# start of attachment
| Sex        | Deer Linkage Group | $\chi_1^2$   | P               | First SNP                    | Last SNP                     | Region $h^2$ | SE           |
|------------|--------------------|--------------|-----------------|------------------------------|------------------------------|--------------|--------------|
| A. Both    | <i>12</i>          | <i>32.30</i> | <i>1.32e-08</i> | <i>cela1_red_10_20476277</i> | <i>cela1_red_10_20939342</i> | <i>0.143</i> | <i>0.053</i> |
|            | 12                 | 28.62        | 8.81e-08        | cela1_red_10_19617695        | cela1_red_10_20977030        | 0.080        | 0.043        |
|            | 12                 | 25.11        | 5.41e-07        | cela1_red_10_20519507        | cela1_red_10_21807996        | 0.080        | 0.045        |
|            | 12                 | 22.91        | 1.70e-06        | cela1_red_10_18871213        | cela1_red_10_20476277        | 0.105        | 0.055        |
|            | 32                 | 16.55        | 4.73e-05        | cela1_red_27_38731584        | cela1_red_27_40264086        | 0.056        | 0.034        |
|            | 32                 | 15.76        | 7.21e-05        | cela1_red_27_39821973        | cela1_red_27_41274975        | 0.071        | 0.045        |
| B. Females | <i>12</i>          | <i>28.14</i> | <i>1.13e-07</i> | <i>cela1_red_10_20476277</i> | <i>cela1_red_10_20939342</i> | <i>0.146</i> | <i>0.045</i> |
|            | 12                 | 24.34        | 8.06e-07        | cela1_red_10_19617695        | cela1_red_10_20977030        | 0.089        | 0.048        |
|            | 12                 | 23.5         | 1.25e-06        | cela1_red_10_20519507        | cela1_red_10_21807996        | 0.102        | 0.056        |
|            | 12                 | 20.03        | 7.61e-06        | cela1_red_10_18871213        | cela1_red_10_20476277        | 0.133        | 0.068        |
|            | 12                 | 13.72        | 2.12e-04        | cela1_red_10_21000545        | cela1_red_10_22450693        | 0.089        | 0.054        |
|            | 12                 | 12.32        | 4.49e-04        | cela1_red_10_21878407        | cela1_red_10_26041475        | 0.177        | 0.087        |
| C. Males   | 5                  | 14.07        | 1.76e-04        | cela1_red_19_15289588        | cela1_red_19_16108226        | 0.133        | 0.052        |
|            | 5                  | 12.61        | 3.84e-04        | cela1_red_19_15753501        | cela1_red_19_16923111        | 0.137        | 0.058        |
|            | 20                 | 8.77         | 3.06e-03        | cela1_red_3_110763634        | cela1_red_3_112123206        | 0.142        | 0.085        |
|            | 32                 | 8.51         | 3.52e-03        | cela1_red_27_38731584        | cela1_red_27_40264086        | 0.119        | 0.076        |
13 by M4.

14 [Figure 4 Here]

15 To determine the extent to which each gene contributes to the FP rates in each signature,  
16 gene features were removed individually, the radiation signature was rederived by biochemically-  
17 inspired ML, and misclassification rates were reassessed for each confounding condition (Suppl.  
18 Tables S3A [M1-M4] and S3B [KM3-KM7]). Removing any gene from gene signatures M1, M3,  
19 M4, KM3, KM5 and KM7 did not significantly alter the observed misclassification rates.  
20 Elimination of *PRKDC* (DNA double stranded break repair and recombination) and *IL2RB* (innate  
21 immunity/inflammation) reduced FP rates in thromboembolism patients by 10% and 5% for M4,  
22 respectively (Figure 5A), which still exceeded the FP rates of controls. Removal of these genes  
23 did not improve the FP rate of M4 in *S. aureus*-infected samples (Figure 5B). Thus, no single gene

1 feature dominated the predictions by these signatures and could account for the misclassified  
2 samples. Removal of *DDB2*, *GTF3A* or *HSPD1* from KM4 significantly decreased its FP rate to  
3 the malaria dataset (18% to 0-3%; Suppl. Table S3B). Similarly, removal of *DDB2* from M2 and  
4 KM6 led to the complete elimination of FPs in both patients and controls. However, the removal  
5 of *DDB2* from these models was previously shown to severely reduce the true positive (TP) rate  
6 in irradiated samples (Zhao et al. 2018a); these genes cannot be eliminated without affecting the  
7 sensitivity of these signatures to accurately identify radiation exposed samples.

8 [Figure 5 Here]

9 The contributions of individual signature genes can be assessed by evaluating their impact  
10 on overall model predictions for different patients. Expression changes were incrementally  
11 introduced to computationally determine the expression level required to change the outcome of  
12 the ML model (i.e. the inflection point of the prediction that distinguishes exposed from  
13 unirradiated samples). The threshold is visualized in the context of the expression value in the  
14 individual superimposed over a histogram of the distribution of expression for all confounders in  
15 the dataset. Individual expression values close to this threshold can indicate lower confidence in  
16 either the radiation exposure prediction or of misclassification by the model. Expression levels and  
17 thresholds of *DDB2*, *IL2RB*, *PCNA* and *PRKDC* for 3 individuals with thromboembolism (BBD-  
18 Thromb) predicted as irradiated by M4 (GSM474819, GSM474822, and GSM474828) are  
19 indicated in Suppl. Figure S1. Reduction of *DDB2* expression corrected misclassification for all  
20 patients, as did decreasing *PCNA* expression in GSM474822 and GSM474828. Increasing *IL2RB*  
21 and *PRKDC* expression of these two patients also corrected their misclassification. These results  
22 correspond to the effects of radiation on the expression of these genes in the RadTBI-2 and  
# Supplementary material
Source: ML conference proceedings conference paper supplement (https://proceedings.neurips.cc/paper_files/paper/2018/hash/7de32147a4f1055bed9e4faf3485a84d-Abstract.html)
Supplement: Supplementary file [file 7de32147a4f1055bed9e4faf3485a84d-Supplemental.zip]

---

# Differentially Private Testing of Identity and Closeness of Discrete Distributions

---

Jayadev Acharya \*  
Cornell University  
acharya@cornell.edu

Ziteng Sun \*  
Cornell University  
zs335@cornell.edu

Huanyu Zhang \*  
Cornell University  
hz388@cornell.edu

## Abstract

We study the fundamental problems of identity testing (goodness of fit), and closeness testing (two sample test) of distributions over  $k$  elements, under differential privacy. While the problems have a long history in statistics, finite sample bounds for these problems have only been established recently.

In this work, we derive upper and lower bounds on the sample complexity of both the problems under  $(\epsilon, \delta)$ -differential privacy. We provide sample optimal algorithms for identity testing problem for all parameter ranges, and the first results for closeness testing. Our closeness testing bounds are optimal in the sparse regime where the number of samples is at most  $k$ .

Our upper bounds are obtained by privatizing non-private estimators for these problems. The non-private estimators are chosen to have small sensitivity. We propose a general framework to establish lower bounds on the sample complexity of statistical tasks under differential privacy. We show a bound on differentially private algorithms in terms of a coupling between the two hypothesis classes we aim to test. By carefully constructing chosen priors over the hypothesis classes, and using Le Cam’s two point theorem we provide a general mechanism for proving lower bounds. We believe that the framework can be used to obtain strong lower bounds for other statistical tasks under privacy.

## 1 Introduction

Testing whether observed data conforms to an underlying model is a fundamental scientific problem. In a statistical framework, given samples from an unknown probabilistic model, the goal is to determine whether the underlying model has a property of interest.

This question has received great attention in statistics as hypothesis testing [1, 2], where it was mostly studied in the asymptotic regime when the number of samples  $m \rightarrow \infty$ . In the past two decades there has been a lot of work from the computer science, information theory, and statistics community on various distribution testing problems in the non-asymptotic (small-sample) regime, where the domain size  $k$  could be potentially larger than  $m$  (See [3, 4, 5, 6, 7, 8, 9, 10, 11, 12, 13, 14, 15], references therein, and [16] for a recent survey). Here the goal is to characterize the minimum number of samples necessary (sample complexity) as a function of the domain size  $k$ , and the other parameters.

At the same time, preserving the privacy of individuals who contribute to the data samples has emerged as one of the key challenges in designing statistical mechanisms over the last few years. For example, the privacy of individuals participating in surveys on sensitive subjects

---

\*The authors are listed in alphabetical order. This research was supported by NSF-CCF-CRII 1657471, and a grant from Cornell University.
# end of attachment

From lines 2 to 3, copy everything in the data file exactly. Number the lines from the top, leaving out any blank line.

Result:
|------------|--------------------|--------------|-----------------|------------------------------|------------------------------|--------------|--------------|
| A. Both    | <i>12</i>          | <i>32.30</i> | <i>1.32e-08</i> | <i>cela1_red_10_20476277</i> | <i>cela1_red_10_20939342</i> | <i>0.143</i> | <i>0.053</i> |